Continuing the Discussion - Plan B, STD’s, HIV and Women’s Health
imp_62 brought up a concern both he and his wife have about STD/HIV education and the lack of contraception use (condoms) in a previous Pages Post of mine. This concern was a result of their discussion of the recent ruling to require a prescription for “The Day-After Pill” Plan B to women under the age of 17.
It is a valid and important concern. I thought it needed to be addressed separately from the Contraception/Abortion issue.
The Federal Government has not been lax in addressing the issue:
The mission of the Division of STD Prevention (DSTDP) at the Centers for Disease Control and Prevention is to provide national leadership, research, policy development, and scientific information to help people live safer, healthier lives by the prevention of STDs and their complications. This mission is accomplished by assisting health departments, healthcare providers and non-government organizations (NGO) through the provision of timely science-based information and by clearly interpreting such information to the general public and policy makers. The Division’s specific disease prevention goals are contextualized within the broader framework of the social determinants of health, the promotion of sexual health, and the primary prevention of sexually transmitted disease.
The CDC program is complete with brochures, regional centers, DVD’s, and on-line training. It seems to be geared towards Public Health Workers.
Their Adolescent and Health Outreach program seems comprehensive and well thought out:
By the time young people graduate from high school, almost two thirds have had sex. Nearly 40 percent of sexually active students did not use a condom the last time they had sex, and one in five drank alcohol or took drugs before their last sexual intercourse.
Such risky sexual behaviors can have serious health consequences:
Approximately 18 percent of all new HIV diagnoses are among young people aged 13–24 years.*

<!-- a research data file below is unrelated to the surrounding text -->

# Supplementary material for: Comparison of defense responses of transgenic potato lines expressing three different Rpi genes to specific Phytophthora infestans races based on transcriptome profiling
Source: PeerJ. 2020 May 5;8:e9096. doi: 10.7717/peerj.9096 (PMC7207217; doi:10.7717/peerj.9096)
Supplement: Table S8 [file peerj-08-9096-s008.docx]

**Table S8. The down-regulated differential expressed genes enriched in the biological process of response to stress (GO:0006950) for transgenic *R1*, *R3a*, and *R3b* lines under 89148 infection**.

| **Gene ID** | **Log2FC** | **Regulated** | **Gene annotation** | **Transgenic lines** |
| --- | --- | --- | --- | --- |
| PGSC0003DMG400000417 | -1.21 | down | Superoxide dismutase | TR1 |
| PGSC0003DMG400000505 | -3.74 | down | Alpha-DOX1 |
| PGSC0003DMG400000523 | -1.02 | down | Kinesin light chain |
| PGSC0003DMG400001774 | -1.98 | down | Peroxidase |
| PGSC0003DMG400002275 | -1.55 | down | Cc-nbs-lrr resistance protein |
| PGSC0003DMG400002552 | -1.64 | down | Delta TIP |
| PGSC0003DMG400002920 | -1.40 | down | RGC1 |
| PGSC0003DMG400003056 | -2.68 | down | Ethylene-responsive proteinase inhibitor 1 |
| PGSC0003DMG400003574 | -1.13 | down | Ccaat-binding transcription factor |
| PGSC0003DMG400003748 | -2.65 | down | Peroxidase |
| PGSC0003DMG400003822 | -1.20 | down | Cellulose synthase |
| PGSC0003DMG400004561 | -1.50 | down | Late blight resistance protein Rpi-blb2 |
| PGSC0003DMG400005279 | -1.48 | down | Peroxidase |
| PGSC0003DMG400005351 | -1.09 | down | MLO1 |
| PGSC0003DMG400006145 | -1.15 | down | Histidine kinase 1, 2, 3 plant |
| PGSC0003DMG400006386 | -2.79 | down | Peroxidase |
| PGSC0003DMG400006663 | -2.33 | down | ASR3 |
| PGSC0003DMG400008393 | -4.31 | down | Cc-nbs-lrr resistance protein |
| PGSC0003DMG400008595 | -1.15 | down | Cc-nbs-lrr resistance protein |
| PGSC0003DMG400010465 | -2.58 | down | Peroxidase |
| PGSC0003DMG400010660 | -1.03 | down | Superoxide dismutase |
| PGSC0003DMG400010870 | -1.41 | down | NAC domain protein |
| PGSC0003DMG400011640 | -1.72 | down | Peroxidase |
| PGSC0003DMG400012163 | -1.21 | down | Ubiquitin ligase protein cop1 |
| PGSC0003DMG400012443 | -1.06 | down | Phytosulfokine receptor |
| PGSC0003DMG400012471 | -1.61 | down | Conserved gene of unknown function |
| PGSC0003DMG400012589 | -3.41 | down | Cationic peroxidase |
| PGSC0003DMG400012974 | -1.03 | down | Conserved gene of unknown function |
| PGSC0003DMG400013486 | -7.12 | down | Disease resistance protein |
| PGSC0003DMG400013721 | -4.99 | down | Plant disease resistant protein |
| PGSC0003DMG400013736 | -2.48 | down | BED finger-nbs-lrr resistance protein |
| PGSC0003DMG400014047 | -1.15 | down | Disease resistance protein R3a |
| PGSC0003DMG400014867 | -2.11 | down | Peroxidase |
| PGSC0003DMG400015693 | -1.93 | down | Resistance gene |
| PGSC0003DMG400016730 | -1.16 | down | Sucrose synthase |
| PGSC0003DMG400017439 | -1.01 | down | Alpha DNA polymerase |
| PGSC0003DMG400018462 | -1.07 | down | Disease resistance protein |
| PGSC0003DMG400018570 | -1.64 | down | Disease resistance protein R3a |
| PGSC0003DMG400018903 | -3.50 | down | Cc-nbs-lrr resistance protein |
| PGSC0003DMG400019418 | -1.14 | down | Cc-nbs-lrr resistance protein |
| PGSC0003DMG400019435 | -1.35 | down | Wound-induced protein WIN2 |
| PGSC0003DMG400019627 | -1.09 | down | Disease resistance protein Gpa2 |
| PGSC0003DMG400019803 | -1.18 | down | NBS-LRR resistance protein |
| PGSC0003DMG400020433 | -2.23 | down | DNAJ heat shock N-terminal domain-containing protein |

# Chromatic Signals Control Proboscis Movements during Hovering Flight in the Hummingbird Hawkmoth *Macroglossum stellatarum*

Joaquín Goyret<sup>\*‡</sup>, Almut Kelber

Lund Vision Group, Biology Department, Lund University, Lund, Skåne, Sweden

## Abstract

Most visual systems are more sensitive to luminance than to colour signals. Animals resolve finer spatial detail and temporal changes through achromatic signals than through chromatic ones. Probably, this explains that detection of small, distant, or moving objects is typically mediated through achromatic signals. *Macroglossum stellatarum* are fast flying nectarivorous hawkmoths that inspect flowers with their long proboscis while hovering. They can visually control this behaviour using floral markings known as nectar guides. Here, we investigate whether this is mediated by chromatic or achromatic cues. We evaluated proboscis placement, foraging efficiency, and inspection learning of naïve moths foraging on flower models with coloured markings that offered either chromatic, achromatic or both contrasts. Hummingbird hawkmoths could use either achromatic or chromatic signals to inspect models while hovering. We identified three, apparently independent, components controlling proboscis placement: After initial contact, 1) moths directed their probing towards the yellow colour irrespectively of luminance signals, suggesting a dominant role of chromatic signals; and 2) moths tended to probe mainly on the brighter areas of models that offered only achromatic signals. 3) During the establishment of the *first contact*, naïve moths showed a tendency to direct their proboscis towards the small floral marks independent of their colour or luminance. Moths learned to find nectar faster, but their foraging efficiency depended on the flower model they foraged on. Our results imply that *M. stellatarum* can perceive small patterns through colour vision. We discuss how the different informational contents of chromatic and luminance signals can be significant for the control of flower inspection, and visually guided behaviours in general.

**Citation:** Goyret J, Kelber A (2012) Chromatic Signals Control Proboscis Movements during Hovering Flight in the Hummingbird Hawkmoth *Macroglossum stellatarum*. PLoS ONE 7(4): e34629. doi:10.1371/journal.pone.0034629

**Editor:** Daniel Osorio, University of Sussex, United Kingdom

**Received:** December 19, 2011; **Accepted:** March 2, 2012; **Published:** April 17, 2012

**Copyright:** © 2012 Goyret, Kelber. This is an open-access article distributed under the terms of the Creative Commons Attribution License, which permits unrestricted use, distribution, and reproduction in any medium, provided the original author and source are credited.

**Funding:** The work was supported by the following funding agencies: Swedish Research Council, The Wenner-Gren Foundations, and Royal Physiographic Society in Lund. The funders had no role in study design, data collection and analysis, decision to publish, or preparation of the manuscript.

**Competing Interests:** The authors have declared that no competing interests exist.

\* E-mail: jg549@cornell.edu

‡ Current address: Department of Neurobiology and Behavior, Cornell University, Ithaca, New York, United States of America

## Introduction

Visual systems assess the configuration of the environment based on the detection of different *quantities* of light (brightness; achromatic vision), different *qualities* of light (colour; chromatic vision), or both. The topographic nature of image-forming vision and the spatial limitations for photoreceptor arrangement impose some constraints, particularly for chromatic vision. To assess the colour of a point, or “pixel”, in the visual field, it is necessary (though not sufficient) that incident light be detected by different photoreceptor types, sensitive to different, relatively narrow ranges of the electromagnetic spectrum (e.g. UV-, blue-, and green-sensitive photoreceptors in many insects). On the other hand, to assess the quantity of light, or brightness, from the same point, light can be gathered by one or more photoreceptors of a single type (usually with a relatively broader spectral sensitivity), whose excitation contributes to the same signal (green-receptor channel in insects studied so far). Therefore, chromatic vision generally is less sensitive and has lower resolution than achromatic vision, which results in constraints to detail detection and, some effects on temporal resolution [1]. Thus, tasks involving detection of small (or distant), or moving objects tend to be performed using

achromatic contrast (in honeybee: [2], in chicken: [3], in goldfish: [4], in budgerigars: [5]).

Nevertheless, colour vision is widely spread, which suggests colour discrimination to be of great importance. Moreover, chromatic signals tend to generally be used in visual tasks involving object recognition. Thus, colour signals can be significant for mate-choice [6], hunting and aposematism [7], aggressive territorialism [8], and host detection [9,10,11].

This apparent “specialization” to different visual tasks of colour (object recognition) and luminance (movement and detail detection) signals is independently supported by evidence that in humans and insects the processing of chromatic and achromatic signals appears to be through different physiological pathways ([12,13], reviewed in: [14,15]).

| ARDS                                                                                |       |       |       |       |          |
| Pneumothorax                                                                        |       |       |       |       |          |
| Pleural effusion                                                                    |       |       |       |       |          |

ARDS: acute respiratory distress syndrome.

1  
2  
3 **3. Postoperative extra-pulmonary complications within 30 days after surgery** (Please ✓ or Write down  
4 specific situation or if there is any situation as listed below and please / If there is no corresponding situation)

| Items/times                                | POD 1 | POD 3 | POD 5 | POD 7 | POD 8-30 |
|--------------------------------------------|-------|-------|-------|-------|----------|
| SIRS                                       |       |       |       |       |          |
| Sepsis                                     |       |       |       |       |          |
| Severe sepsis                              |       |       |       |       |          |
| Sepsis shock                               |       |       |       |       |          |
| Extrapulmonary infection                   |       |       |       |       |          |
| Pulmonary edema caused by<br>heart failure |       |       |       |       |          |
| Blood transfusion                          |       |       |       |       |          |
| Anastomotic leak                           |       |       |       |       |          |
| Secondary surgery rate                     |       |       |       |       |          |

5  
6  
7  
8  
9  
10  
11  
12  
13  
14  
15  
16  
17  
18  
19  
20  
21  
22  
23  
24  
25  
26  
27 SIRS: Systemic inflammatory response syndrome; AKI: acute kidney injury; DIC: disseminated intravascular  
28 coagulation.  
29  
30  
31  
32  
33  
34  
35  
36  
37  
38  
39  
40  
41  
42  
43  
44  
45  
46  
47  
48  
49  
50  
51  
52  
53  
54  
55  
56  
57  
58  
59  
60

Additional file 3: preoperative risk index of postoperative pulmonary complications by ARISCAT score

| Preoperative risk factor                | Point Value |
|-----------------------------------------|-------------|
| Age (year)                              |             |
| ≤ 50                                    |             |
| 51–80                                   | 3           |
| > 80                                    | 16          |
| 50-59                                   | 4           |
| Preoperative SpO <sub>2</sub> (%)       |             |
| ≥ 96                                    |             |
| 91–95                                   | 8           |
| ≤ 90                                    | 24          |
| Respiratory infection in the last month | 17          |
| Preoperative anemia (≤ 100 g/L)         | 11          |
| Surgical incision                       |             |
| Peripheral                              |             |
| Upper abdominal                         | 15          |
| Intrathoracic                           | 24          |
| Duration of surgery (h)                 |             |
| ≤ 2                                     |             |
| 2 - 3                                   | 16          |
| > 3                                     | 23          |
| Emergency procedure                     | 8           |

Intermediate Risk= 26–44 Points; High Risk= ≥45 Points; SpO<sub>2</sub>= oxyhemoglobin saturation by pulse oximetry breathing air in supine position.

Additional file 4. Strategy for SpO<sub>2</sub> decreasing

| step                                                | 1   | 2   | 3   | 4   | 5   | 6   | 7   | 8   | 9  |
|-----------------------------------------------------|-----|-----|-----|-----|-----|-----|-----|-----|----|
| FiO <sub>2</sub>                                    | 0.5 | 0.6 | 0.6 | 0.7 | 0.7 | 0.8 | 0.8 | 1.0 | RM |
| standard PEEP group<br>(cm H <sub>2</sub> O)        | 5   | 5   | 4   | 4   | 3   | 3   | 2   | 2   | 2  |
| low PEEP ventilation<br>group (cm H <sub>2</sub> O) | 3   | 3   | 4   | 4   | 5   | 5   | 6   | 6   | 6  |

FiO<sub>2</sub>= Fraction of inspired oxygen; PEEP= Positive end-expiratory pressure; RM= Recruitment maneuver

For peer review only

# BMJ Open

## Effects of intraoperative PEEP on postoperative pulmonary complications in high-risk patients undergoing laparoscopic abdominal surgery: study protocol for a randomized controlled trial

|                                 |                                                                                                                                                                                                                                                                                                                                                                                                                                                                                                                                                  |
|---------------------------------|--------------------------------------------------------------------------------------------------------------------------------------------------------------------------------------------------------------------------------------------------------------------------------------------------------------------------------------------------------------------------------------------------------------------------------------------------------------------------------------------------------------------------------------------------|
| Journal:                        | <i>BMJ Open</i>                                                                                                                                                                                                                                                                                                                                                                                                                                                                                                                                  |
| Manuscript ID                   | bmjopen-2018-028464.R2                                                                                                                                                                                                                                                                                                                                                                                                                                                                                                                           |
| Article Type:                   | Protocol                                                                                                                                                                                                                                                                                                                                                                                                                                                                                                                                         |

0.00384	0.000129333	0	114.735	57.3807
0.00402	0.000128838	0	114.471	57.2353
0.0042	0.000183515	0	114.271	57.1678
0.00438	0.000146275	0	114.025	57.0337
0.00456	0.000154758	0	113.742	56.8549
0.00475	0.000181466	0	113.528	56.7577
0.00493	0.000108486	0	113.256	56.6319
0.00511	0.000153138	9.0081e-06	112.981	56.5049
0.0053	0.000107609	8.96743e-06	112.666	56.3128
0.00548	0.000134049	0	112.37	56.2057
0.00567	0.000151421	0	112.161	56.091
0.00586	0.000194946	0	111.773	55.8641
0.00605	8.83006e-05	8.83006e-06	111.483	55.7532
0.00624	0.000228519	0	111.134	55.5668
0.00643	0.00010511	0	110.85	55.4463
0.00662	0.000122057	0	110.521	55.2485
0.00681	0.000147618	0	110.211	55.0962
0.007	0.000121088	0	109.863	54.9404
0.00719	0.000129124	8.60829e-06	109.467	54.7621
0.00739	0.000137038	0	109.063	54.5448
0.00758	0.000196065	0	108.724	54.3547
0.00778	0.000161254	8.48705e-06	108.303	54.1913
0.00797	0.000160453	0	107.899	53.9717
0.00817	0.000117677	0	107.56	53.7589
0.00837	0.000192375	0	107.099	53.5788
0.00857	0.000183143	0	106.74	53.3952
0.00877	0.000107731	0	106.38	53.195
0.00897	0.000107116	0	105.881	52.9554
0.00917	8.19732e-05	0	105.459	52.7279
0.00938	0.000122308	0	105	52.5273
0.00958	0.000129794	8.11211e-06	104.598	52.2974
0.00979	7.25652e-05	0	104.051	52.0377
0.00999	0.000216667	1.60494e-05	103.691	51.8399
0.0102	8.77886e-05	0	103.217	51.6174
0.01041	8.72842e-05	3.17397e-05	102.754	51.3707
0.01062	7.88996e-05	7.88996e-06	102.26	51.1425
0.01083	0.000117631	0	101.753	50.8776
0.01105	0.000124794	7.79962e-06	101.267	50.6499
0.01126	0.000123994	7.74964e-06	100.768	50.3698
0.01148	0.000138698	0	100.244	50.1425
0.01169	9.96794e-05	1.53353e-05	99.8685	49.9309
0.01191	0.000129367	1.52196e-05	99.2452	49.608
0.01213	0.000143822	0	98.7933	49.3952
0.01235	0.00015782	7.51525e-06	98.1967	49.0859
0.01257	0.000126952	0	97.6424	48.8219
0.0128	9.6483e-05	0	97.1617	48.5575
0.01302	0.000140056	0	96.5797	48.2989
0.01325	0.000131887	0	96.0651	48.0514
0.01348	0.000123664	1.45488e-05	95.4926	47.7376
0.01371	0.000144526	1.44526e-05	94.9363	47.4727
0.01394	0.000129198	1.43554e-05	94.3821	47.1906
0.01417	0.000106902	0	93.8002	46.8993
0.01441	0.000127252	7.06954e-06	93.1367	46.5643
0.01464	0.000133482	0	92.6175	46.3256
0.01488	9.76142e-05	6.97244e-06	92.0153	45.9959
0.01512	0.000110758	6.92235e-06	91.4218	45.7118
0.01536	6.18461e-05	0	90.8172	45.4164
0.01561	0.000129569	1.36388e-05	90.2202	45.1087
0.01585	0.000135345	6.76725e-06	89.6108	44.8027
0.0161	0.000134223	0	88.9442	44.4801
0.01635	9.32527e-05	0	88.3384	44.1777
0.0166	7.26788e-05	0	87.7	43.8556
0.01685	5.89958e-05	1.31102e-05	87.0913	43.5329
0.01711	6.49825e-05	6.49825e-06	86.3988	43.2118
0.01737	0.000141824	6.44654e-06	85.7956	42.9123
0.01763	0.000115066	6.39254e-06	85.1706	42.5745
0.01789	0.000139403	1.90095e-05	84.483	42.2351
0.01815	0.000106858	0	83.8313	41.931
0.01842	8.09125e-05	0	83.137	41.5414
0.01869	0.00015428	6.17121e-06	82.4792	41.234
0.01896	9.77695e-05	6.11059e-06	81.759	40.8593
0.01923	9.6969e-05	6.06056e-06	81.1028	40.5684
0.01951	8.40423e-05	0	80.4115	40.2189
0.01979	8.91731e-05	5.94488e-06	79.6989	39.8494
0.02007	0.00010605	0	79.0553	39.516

Teens and young adults have the highest rates of sexually transmitted diseases (STDs) of any age group.
Three in 10 young women become pregnant before they reach the age of 20.
Helping adolescents make healthy choices requires the involvement of families, communities, and many other sectors of society—and schools are an essential part of that effort. Schools have direct contact with more than 56 million students for at least 6 hours a day and for 13 critical years of their social, physical, and intellectual development. The school environment is also a key setting in which students’ behaviors and ideas are shaped. Just as schools are critical to preparing students academically and socially, they are also vital partners in helping young people take responsibility for their health and adopt health-enhancing attitudes and behaviors
They have issued grants to 20 NGO’s to further their mission.
A google search returned a State Government hit for what looked like every state. The American Red Cross has a program. So, I don’t think there is a whole lot that hasn’t been covered from a government or not-for-profit organization as far as attention to this issue.
The GUTTMACHER INSTITUTE just published a paper on December 1, 2011 that is available in PDF format. It is titled State Policies in Brief and has good information about Sex and STD education laws in each State. One thing I noticed (with suprise) is that some States have a parental consent form for HIV education. WTF? I really recommend reading this report. There are hyperlinks to sources at the end.
So, the question continues. What else can we do to prepare our kids to make responsible decisions regarding their health? Can we do anything more except offer “Last Chance” solutions (Plan B) to some of the issue they may face?
Please post any links or insights you think may contribute to the discussion.